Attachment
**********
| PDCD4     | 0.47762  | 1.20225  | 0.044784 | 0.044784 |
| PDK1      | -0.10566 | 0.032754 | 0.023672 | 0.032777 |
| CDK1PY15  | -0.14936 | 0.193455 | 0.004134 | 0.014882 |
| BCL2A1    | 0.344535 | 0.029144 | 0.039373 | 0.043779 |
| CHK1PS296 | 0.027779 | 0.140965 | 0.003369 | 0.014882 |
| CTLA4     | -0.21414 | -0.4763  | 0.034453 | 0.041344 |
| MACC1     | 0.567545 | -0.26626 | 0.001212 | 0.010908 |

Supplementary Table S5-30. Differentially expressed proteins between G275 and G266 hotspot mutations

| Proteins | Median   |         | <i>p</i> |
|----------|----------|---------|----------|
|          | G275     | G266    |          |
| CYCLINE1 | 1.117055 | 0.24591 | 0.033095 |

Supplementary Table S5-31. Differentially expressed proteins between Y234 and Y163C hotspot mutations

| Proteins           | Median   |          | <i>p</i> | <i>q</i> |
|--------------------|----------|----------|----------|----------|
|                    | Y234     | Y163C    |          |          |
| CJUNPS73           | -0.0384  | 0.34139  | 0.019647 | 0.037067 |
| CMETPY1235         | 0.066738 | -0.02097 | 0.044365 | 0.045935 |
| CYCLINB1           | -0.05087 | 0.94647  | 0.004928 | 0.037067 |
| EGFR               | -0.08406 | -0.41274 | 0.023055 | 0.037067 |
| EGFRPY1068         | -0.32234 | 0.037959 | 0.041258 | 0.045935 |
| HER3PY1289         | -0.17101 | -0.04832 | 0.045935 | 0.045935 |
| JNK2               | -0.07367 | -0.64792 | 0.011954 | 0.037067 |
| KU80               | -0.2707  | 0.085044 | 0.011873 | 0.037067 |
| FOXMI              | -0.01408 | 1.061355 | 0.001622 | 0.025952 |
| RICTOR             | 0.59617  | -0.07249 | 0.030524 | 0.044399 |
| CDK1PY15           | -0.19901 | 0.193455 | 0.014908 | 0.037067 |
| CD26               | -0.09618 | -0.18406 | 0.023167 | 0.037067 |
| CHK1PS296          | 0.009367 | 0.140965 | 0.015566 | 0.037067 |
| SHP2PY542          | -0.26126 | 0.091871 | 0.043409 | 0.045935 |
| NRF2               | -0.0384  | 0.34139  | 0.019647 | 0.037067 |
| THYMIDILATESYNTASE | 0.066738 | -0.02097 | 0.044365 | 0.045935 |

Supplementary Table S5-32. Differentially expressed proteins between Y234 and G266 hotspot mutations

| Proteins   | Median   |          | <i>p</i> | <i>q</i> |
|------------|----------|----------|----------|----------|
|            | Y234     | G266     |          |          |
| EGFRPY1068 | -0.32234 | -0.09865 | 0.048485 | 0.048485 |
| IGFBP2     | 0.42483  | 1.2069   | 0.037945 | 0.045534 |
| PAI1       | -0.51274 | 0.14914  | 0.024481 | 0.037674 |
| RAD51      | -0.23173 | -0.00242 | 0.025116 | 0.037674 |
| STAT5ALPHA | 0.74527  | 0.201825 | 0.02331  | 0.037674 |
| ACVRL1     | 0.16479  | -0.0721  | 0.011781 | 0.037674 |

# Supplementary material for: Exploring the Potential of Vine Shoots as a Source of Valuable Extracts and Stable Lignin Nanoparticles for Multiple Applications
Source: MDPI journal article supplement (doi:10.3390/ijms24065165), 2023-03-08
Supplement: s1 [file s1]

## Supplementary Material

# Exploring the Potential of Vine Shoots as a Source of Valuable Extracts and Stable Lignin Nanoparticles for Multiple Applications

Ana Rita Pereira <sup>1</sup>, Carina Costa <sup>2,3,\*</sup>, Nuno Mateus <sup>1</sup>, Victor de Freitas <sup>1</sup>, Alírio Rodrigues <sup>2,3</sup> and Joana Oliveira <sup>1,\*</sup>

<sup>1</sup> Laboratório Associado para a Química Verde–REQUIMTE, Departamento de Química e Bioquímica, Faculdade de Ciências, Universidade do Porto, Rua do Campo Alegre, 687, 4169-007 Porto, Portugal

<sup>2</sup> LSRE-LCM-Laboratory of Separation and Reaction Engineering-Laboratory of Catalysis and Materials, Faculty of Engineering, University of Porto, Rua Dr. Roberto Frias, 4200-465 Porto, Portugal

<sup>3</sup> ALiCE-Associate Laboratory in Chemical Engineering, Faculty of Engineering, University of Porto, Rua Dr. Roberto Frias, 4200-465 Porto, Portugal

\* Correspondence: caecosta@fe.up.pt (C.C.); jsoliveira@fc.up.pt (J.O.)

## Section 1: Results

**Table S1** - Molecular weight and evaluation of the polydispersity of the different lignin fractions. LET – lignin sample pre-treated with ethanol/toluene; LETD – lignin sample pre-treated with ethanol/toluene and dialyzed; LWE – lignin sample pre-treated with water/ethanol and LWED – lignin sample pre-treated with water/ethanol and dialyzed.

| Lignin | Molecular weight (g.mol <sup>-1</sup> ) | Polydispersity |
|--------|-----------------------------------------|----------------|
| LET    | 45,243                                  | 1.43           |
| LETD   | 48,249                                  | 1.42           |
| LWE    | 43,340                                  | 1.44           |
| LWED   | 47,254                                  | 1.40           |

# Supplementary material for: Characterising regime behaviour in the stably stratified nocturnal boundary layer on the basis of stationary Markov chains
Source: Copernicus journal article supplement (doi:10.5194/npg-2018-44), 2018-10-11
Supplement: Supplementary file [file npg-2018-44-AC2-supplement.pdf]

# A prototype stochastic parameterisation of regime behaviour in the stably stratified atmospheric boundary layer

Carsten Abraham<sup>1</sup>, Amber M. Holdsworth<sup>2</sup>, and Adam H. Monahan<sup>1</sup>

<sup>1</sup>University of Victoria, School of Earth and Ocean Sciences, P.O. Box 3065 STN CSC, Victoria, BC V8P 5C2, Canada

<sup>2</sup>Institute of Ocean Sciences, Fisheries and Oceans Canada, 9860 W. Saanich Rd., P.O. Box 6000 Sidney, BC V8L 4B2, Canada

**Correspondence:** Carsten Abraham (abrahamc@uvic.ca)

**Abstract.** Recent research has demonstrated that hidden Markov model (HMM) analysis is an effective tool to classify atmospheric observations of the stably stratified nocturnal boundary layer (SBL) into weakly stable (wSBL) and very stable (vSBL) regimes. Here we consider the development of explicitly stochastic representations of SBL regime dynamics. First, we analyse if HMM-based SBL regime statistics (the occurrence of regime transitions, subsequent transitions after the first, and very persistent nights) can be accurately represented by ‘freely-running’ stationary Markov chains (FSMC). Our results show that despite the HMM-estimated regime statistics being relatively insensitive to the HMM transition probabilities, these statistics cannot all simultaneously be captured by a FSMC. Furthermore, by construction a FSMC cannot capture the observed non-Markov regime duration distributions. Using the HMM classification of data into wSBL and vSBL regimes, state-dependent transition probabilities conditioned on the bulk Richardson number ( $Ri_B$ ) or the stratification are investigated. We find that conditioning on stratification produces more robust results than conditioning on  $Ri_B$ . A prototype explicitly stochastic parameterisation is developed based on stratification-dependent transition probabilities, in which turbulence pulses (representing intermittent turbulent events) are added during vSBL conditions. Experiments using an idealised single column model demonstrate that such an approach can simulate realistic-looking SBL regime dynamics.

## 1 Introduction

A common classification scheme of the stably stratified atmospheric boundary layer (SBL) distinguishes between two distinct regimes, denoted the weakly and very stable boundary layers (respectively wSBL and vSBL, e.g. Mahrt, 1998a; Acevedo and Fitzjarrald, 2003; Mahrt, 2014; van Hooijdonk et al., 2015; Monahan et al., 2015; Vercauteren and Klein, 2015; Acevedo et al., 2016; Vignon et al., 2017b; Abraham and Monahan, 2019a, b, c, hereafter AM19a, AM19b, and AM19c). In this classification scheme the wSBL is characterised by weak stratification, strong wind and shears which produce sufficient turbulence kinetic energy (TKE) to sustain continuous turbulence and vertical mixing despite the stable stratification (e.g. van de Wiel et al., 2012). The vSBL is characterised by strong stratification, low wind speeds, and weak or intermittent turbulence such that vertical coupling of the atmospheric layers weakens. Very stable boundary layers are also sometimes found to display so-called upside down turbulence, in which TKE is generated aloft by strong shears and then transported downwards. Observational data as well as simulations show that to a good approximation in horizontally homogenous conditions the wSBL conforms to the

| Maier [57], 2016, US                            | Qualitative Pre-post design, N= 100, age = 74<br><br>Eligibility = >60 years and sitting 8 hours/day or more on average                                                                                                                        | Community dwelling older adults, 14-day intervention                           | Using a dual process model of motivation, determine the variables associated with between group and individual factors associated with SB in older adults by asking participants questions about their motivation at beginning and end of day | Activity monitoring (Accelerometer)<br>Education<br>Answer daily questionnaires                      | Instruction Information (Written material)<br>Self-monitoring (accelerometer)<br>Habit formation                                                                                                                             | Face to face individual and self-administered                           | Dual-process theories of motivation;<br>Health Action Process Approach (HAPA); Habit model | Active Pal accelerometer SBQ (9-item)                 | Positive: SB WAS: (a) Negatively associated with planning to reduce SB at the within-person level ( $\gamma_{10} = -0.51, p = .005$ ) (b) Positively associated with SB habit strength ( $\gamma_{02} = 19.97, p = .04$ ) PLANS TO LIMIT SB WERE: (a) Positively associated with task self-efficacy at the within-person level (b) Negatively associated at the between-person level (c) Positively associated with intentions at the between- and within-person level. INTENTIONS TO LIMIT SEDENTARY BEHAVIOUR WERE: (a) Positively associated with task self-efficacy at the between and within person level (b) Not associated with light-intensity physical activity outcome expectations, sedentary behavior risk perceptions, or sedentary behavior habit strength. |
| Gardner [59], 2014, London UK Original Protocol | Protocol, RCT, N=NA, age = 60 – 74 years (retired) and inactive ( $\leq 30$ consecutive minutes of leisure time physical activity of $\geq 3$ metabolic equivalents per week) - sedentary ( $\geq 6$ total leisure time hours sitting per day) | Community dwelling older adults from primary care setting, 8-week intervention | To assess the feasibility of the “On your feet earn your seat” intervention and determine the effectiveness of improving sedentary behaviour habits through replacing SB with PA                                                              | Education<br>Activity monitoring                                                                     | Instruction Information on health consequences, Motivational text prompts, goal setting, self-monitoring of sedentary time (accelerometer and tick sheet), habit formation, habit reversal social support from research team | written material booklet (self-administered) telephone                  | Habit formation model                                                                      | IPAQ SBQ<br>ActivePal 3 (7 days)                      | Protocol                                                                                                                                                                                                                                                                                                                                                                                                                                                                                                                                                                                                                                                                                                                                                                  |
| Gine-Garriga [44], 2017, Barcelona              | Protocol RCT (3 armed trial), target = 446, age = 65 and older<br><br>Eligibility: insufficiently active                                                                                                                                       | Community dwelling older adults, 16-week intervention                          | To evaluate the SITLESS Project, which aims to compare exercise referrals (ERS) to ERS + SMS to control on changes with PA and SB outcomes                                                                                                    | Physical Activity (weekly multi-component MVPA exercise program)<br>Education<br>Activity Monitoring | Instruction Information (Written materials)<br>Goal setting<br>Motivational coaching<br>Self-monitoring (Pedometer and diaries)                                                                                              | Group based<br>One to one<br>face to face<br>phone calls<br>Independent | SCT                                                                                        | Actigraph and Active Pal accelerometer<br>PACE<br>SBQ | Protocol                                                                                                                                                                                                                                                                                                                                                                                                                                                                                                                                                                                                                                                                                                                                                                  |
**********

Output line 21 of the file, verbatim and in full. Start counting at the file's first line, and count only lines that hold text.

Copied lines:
| EGFRPY1068         | -0.32234 | 0.037959 | 0.041258 | 0.045935 |